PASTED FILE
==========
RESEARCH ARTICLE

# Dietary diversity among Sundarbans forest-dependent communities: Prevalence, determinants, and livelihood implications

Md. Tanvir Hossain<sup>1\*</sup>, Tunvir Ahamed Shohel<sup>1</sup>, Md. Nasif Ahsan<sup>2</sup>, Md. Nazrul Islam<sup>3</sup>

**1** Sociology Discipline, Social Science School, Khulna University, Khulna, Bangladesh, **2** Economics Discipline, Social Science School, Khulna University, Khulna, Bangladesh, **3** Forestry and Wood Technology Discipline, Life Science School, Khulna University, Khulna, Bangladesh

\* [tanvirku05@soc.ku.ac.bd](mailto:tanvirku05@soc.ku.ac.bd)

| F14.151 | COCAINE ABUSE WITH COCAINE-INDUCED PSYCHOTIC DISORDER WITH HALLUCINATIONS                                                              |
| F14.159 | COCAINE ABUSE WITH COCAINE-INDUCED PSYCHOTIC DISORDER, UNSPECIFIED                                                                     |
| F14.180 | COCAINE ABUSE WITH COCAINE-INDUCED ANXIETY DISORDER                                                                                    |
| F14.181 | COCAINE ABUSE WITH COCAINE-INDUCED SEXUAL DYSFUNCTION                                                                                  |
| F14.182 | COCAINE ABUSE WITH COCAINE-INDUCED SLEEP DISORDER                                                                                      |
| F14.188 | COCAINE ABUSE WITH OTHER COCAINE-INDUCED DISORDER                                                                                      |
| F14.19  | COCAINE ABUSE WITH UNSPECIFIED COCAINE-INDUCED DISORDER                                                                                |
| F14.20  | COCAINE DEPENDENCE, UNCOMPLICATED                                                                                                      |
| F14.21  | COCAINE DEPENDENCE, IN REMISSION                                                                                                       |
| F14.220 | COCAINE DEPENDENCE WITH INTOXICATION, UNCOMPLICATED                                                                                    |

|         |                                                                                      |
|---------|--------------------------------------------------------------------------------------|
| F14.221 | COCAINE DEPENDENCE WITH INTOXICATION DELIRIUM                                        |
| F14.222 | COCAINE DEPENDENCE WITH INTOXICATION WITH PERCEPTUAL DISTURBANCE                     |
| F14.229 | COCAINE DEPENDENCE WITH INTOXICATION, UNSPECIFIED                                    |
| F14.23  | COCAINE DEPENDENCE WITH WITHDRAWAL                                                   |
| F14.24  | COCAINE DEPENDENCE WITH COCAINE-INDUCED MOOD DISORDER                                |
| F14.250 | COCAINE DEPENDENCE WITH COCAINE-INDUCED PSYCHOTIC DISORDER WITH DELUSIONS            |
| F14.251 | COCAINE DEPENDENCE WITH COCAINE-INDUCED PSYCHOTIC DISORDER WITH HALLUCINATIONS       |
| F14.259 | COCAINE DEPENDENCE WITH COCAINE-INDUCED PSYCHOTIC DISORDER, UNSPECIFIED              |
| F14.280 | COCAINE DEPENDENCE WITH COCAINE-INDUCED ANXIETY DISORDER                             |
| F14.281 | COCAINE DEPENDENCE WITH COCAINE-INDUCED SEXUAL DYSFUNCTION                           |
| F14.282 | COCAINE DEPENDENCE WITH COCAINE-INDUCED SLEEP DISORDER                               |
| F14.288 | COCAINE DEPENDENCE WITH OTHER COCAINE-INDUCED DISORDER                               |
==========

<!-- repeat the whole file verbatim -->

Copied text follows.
RESEARCH ARTICLE

# Dietary diversity among Sundarbans forest-dependent communities: Prevalence, determinants, and livelihood implications

Md. Tanvir Hossain<sup>1\*</sup>, Tunvir Ahamed Shohel<sup>1</sup>, Md. Nasif Ahsan<sup>2</sup>, Md. Nazrul Islam<sup>3</sup>

**1** Sociology Discipline, Social Science School, Khulna University, Khulna, Bangladesh, **2** Economics Discipline, Social Science School, Khulna University, Khulna, Bangladesh, **3** Forestry and Wood Technology Discipline, Life Science School, Khulna University, Khulna, Bangladesh

\* [tanvirku05@soc.ku.ac.bd](mailto:tanvirku05@soc.ku.ac.bd)

| F14.151 | COCAINE ABUSE WITH COCAINE-INDUCED PSYCHOTIC DISORDER WITH HALLUCINATIONS                                                              |
| F14.159 | COCAINE ABUSE WITH COCAINE-INDUCED PSYCHOTIC DISORDER, UNSPECIFIED                                                                     |
| F14.180 | COCAINE ABUSE WITH COCAINE-INDUCED ANXIETY DISORDER                                                                                    |
| F14.181 | COCAINE ABUSE WITH COCAINE-INDUCED SEXUAL DYSFUNCTION                                                                                  |
| F14.182 | COCAINE ABUSE WITH COCAINE-INDUCED SLEEP DISORDER                                                                                      |
| F14.188 | COCAINE ABUSE WITH OTHER COCAINE-INDUCED DISORDER                                                                                      |
| F14.19  | COCAINE ABUSE WITH UNSPECIFIED COCAINE-INDUCED DISORDER                                                                                |
| F14.20  | COCAINE DEPENDENCE, UNCOMPLICATED                                                                                                      |
| F14.21  | COCAINE DEPENDENCE, IN REMISSION                                                                                                       |
| F14.220 | COCAINE DEPENDENCE WITH INTOXICATION, UNCOMPLICATED                                                                                    |

|         |                                                                                      |
|---------|--------------------------------------------------------------------------------------|
| F14.221 | COCAINE DEPENDENCE WITH INTOXICATION DELIRIUM                                        |
| F14.222 | COCAINE DEPENDENCE WITH INTOXICATION WITH PERCEPTUAL DISTURBANCE                     |
| F14.229 | COCAINE DEPENDENCE WITH INTOXICATION, UNSPECIFIED                                    |
| F14.23  | COCAINE DEPENDENCE WITH WITHDRAWAL                                                   |
| F14.24  | COCAINE DEPENDENCE WITH COCAINE-INDUCED MOOD DISORDER                                |
| F14.250 | COCAINE DEPENDENCE WITH COCAINE-INDUCED PSYCHOTIC DISORDER WITH DELUSIONS            |
| F14.251 | COCAINE DEPENDENCE WITH COCAINE-INDUCED PSYCHOTIC DISORDER WITH HALLUCINATIONS       |
| F14.259 | COCAINE DEPENDENCE WITH COCAINE-INDUCED PSYCHOTIC DISORDER, UNSPECIFIED              |
| F14.280 | COCAINE DEPENDENCE WITH COCAINE-INDUCED ANXIETY DISORDER                             |
| F14.281 | COCAINE DEPENDENCE WITH COCAINE-INDUCED SEXUAL DYSFUNCTION                           |
| F14.282 | COCAINE DEPENDENCE WITH COCAINE-INDUCED SLEEP DISORDER                               |
| F14.288 | COCAINE DEPENDENCE WITH OTHER COCAINE-INDUCED DISORDER                               |